Friday, August 15, 2008

why Descartes' criterion of doubt is awesome

I don’t know how many times I’ve read Descartes’ Meditations. I’ve definitely read it more than any other philosophical text so far, and I love it (and hate it) every time. It’s amazing to think about how much of an impact that short treatise has made on academic philosophy in particular and on intellectual culture in general.

The criterion of doubt continues to capture my interest, as well as I think any epistemologically minded reader of Descartes.

I think Descartes tied it to a completely implausible theory of mind, whereby the cognizer is endowed by God with an extremely powerful doxastic will. Perhaps Descartes was able to exercise his will such that he was able to disbelieve obvious perceptual appearance propositions or even mathematical propositions. I can’t.

See this post for what I think motivated Descartes to affirm such a strong doxastic voluntarism.

However, I think it would be premature to jettison the criterion of doubt on the implausibility of the overly strong Cartesian will. There’s a way to think about and deeply appreciate the criterion of doubt that has lasting salutary effects on one’s philosophical temper.

Here’s how it goes. Even though, pace Descartes, I am not able to disbelieve at will some of the beliefs that are forced upon me (such as ordinary sense perceptual beliefs), I can nevertheless engage in epistemic empathy combined with a little make-believe. I can imagine what it would be like to fail to hold a belief in question. A little further, I can imagine what it would be like for me to live without a belief in question.

Perhaps an example is in order.

I currently believe that there is a God. This is a fairly strong belief over which I do not exercise direct control, either to believe or disbelieve. There are things that could happen to me (some of which I might be able to initiate in some sense which might qualify as very indirect control) that would alter the strength of the belief or perhaps vanquish it altogether, but the important point to note is that these scenarios involve something happening to my beliefs.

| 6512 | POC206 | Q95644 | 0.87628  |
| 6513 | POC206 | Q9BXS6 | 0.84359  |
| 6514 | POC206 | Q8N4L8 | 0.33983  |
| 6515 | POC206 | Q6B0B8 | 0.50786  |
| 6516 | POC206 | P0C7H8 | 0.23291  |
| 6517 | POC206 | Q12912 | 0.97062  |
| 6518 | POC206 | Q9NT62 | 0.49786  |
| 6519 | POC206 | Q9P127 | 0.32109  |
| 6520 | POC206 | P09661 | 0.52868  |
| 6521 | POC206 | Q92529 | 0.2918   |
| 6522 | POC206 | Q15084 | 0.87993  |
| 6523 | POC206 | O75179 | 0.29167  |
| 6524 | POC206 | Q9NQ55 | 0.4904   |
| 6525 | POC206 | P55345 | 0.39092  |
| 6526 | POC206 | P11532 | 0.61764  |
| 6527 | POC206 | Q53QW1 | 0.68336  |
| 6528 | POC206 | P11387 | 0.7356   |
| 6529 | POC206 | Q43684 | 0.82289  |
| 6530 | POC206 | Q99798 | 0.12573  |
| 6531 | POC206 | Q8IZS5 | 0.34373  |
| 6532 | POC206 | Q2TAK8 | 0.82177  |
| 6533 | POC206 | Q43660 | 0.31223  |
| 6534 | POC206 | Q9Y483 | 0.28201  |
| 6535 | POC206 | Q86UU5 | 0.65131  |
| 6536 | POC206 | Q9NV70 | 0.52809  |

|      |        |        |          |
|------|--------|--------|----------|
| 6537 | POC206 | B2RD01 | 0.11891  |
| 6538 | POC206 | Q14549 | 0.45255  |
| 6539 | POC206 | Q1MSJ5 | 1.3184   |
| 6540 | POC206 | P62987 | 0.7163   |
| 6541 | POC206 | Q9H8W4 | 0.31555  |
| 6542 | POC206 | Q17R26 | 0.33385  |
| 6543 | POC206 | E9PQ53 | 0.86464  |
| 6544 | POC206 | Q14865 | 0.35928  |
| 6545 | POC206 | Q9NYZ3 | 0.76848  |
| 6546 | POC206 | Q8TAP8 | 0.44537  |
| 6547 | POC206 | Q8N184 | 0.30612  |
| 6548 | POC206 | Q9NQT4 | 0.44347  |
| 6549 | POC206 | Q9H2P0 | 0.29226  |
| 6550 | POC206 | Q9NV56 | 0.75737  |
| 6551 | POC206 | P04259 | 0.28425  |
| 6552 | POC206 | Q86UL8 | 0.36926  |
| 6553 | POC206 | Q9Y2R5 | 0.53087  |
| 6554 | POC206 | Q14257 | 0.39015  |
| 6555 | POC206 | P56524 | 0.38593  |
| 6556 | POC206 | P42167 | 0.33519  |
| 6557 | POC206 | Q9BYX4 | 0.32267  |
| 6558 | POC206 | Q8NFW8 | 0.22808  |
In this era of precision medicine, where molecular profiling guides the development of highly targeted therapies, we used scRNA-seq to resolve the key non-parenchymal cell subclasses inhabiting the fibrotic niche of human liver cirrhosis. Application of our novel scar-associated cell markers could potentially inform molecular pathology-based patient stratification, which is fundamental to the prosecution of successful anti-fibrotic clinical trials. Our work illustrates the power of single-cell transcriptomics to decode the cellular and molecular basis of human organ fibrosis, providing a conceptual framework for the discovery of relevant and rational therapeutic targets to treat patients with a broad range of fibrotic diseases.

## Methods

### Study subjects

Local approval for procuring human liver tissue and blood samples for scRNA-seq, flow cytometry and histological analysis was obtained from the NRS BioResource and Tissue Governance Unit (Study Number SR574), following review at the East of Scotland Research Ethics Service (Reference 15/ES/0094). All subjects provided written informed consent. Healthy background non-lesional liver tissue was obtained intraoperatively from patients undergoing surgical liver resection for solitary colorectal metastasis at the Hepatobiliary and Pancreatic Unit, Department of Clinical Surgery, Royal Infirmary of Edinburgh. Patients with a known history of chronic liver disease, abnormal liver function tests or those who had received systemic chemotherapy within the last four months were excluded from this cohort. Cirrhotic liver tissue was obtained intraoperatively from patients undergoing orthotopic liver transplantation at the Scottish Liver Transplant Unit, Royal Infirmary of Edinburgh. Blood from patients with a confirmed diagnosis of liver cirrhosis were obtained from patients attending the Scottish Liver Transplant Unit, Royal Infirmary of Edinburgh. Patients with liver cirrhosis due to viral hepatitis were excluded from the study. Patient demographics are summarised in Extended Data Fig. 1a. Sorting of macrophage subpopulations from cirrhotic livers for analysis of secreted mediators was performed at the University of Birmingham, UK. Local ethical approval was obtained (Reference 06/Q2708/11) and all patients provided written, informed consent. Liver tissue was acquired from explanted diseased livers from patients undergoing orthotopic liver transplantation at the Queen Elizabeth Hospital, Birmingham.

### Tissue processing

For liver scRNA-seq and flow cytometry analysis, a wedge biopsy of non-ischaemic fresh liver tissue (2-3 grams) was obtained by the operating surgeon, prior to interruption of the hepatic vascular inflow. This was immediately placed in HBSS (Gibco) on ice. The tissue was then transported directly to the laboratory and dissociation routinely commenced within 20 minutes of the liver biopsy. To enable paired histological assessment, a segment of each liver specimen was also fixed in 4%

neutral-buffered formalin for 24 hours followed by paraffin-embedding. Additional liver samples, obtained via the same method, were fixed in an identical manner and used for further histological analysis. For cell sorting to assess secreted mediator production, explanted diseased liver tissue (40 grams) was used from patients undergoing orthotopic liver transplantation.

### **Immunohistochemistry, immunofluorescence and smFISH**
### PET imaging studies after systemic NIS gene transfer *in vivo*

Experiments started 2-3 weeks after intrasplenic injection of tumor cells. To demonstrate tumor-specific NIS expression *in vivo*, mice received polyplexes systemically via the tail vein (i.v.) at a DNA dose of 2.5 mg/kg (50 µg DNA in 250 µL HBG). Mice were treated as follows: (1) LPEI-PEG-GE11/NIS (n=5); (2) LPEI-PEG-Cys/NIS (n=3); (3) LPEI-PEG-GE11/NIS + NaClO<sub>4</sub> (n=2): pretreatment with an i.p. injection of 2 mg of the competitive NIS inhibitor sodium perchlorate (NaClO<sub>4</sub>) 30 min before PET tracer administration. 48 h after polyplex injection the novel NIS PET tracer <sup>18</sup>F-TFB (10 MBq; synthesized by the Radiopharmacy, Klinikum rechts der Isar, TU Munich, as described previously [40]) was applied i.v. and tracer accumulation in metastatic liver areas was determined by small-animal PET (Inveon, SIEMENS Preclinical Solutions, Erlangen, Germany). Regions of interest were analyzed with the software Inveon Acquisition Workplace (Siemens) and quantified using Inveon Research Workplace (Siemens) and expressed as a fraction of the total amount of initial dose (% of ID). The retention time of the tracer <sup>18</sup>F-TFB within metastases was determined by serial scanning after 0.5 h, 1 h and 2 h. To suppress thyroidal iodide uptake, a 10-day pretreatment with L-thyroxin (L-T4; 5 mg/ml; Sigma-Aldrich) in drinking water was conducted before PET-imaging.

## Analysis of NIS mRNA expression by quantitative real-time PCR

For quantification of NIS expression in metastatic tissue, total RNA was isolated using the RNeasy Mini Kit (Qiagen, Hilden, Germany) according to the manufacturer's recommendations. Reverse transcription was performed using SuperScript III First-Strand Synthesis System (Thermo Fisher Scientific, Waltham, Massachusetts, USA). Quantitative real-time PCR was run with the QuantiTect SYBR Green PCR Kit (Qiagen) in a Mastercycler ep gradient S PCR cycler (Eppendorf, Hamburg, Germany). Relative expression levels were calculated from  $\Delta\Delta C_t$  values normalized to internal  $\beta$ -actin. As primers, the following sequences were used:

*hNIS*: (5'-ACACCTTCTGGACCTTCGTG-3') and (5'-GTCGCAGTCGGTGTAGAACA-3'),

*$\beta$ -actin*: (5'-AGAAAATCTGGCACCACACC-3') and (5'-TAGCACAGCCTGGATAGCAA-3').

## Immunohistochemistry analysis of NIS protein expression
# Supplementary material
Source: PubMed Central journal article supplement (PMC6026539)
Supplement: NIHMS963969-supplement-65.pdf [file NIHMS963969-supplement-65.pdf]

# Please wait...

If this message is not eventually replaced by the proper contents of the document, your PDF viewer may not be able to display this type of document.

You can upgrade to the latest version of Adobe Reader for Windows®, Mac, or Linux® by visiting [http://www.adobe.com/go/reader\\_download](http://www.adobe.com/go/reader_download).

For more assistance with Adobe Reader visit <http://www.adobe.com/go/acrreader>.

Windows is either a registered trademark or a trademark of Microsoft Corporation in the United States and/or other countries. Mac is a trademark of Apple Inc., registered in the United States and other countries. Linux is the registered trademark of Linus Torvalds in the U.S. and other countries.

Even though I do not exercise direct control over this belief, I can nevertheless imagine myself and my life without belief in the existence of God. Many things would change; many would remain exactly as they are. In this respect, I can bring about a kind of empathy and identification with that version of myself. I prefer the way I am now (and the way reality is, if my current representation is true), but I also don’t recoil at the picture that is formed on the basis of the thought experiment of the alternative.

Back to the criterion of doubt and the possible salutary effects...

Even though Descartes is wrong to connect the criterion of doubt with his view of the cognitive will, the criterion is useful in that it is an aid towards epistemic humility.

If one can imagine, consider, and form a lively picture about the alternative epistemic commitments one might bear (and manage not to recoil), I think one is better off, on the whole, in terms of one’s intellectual virtues of fair-mindedness, intellectual charity, and accurate self-assessment of one’s own epistemic justification. This becomes important and evident when one actually encounters someone else whose beliefs differ markedly on a range of issues, some of which might be quite important. If one has already exercised this practice of “otherness” on oneself and also found that imaginary “self-other” not to be so foreign after all, then the extension of charity should be one of degree, not of kind, when one encounters another person who might initially strike one as “other.”

I guess in a weird kind of way, the criterion of doubt can be mobilized into an epistemic counterpart of the Golden Rule.

All of this is consistent with having epistemic commitments. This need not be an inevitable precursor to skepticism, relativism, anti-realism, or fill-in-your-favorite-bad-blank-ism (though I have to admit that I really like skepticism).

And if the criterion is one aid, one type of exercise, in forming the habits and dispositions of epistemic humility, then I’m all for it.

1 comment:

Achilles said...

For a real understanding of Descartes and his hyperbolic doubt you need to read the writings of Richard Kennington. He is not easy to read but for any serious treatment of Descartes Kennington is a must. Kennington's book "On Modern Origins" deals with Beacon and Descartes and especially the issue of modern science and the hyperbolic doubt.